When our Leg 3 Round the World crew members visited Antigua in November 2019, they were excited to have the opportunity to meet the students at Cobbs Cross Primary School.
An educated audience
Living in an island nation, plastic pollution is a topic that the students are already knowledgeable about. It was great to be able to build on this by sharing what the crew had uncovered in their research and ideas that could be immediately implemented to reduce plastic pollution in their local environment.
Clinical Psychotherapist and crew member Kirsten Antoncich says: “I was humbled to hear just how aware these young people were. We heard from pupils who did their own mini beach clean ups, who carried metal straws and who understood the threats to their ocean. It’s so inspiring and hope giving – when a problem feels so large – to meet children who have grown up knowing the problem and are already solutions focused.”
Antigua banned single-use plastic bags in 2016, so it is an established part of the island way of life. A factor in the early adoption of these bans is the reliance of Antigua on their beautiful beaches for tourism income.
“One of highlights for me was when one of the older girls told Kristen and I that she wanted to do an eXXpedition mission with us,” says educator, entrepreneur and crew member Lindsey Turnbull, “but only if all 10 of us were on board! She showed us her metal, reusable straws and we talked about marine biology. I work with girls that age at home so it was a special moment for me.”
A musical connection
Each crew brings their own personality to the onshore outreach and the leg 3 crew were no exception. As well as their presentation, they included an interactive musical element which they enjoyed as much as the children did!
Lindsey says, “We made a version of ‘I Can See Clearly Now’ about having a clean beach and sang it with the kids. Steph (Stephanie Weel) spearheaded that, and everyone was involved. It was a bit like being in the Partridge Family, I think!”
Lessons in communicating with young people around the world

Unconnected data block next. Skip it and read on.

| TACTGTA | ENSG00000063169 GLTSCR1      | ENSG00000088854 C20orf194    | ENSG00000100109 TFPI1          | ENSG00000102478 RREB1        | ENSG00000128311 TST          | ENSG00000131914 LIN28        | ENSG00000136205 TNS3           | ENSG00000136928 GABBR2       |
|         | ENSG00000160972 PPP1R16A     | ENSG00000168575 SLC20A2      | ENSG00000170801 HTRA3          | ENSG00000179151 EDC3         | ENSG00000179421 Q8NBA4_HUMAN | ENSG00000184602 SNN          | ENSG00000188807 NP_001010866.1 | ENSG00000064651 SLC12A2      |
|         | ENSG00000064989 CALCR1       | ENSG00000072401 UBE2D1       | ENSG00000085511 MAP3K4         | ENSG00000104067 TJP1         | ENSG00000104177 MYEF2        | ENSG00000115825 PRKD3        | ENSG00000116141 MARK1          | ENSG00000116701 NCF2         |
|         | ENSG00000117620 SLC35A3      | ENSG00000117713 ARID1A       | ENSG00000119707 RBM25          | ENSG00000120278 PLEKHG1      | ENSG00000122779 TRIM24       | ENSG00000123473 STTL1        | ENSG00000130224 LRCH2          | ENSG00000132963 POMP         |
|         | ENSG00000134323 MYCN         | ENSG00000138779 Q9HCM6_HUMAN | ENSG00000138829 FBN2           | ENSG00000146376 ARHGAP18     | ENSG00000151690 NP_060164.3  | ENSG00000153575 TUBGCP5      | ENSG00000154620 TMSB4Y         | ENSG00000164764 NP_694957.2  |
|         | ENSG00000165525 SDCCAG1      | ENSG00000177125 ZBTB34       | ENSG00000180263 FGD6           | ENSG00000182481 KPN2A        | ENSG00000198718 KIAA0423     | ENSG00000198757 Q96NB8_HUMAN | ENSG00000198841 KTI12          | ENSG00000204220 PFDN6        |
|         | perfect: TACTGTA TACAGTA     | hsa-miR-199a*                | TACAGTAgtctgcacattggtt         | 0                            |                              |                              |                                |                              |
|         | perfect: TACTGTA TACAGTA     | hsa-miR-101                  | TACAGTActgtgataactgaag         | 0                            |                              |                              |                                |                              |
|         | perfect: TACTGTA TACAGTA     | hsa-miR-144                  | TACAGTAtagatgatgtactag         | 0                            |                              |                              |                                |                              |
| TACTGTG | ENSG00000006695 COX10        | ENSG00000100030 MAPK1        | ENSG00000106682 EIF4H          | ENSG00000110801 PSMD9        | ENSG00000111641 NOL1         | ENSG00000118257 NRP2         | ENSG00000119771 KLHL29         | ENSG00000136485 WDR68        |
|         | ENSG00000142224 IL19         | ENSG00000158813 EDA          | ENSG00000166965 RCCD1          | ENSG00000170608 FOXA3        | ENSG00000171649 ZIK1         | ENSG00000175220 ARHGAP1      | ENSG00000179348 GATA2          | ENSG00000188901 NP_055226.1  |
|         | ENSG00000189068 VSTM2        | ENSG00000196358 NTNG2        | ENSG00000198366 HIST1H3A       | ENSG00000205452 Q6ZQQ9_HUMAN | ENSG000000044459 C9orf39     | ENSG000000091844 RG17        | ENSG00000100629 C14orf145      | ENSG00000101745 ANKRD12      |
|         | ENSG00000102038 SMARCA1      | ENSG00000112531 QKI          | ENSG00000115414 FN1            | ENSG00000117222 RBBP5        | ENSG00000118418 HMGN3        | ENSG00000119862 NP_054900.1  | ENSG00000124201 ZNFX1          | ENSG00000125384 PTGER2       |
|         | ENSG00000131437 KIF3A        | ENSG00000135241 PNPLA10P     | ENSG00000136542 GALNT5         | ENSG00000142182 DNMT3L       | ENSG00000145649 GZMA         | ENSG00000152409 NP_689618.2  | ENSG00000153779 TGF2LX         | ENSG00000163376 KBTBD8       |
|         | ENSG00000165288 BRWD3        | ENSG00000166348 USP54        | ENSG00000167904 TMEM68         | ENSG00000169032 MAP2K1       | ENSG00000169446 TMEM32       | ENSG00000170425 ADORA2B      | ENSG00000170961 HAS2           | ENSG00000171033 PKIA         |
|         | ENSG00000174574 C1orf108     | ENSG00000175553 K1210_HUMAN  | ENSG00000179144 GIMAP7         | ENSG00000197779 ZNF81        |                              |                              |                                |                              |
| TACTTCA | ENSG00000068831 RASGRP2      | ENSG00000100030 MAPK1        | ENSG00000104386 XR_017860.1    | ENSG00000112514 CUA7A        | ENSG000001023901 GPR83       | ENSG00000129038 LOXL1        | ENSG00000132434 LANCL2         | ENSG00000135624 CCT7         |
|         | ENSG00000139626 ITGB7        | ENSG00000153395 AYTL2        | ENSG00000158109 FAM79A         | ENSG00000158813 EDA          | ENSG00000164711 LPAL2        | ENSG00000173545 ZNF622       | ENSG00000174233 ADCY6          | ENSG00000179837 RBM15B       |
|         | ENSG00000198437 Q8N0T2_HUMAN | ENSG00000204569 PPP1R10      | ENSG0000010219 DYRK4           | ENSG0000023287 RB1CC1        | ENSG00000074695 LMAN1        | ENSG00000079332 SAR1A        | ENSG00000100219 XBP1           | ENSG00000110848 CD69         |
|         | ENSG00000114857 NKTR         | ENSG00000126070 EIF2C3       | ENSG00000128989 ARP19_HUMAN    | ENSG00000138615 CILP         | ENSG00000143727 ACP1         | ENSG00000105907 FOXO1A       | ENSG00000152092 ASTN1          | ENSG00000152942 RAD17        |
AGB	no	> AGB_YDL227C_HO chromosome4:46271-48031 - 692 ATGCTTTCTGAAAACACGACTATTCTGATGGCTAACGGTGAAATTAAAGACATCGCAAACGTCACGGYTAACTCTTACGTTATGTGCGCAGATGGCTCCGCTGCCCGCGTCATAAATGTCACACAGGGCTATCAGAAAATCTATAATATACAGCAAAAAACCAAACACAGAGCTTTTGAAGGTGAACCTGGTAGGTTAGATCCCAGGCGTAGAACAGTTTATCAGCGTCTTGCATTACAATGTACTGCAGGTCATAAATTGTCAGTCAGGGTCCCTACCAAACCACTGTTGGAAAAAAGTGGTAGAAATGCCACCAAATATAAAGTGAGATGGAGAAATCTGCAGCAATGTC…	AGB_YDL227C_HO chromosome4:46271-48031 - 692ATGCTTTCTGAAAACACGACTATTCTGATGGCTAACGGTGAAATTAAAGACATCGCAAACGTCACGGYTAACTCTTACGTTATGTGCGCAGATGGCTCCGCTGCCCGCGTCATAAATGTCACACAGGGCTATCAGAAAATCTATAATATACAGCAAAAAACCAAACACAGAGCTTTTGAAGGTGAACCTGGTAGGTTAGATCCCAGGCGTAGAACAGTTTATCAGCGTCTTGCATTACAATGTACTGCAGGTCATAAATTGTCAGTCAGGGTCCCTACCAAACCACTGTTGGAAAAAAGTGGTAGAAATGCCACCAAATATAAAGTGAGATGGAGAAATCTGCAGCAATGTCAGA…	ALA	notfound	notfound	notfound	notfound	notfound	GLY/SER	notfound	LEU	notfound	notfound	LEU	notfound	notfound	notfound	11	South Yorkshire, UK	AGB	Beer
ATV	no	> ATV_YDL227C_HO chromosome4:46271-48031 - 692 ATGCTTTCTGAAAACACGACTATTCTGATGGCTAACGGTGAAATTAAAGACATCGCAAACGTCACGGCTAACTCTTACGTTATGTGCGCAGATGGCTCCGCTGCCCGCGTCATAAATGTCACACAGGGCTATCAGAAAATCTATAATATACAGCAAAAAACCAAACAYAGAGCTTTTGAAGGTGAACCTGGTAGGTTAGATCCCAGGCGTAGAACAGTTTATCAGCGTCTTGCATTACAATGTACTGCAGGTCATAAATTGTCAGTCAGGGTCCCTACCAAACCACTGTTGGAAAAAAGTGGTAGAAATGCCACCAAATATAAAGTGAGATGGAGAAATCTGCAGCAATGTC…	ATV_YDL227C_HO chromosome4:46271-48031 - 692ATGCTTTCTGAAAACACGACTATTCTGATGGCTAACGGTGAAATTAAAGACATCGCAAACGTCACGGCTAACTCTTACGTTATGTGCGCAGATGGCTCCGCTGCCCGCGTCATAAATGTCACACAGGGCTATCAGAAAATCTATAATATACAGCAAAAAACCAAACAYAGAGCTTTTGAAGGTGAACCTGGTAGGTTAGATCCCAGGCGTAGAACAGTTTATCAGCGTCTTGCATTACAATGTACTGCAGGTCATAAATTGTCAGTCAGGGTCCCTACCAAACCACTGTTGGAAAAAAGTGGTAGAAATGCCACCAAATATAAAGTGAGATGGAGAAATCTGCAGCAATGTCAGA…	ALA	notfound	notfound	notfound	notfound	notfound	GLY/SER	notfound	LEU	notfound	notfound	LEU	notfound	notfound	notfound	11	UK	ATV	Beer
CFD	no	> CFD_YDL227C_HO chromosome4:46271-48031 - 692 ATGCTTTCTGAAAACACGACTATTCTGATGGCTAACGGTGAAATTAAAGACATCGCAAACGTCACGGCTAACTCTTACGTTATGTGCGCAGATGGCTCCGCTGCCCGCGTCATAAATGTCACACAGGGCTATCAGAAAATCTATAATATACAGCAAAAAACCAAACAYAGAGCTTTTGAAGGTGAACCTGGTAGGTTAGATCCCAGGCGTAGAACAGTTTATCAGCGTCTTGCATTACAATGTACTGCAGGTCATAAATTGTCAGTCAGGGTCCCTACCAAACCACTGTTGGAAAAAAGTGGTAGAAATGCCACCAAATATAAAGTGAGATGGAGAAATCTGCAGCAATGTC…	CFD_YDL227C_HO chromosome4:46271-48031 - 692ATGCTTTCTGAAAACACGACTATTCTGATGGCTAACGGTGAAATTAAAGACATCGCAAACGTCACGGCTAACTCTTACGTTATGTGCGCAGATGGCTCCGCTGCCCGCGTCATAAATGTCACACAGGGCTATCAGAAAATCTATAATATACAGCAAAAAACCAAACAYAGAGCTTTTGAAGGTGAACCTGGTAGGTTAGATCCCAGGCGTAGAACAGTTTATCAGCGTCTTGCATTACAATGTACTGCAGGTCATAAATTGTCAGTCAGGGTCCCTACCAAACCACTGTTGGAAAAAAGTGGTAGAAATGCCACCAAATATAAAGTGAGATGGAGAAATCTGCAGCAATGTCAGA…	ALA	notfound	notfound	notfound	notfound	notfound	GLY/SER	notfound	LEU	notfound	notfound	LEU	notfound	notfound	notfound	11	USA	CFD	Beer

There can be an assumption that there is a lack of knowledge when talking about the plastic problem, but Cobb Cross is just one example of how the base-level knowledge about plastics is changing – especially amongst young people. Kirsten says, “I think children are already very aware and it is for us to build upon that foundation, harness their motivation and show them that they can make a difference and be part of the solution.”
“I already work with Generation Z and I learn more from them usually!” says Lindsey, “When sharing, I think the information can be presented honestly: there is a lot of plastic in the ocean, it gets into the food chain and it can hurt us and other animals. Children are smart and creative, they’re full of ideas about how to solve the issue. We don’t need to scare them, we can equip them with the information they need to make smart choices.”
And, of course, it’s not just about the kids
It has become increasingly popular to talk about how the next generation will be taking up the battle of creating a new, more sustainable world. But they cannot and should not be doing it alone.
Lindsey says: “The bigger challenge for me is convincing my fellow adults that we can make a difference. For many people my age and older, it seems like fighting an uphill battle we’ll never win because this is just ‘how things are done’. It’s difficult to imagine a world where we are not up to our eyeballs in plastic.
“It’s a multipronged approach: encourage all cities to adopt recycling programs, create domestic uses for recycled plastic, and stop new plastic from entering the waste stream. This change HAS to include these big corporations as well as individuals, because 1. Individuals can only make choices from what they’re given, and MOST of the choices include single use plastic and 2. Corporations are producing the plastic products and waste.”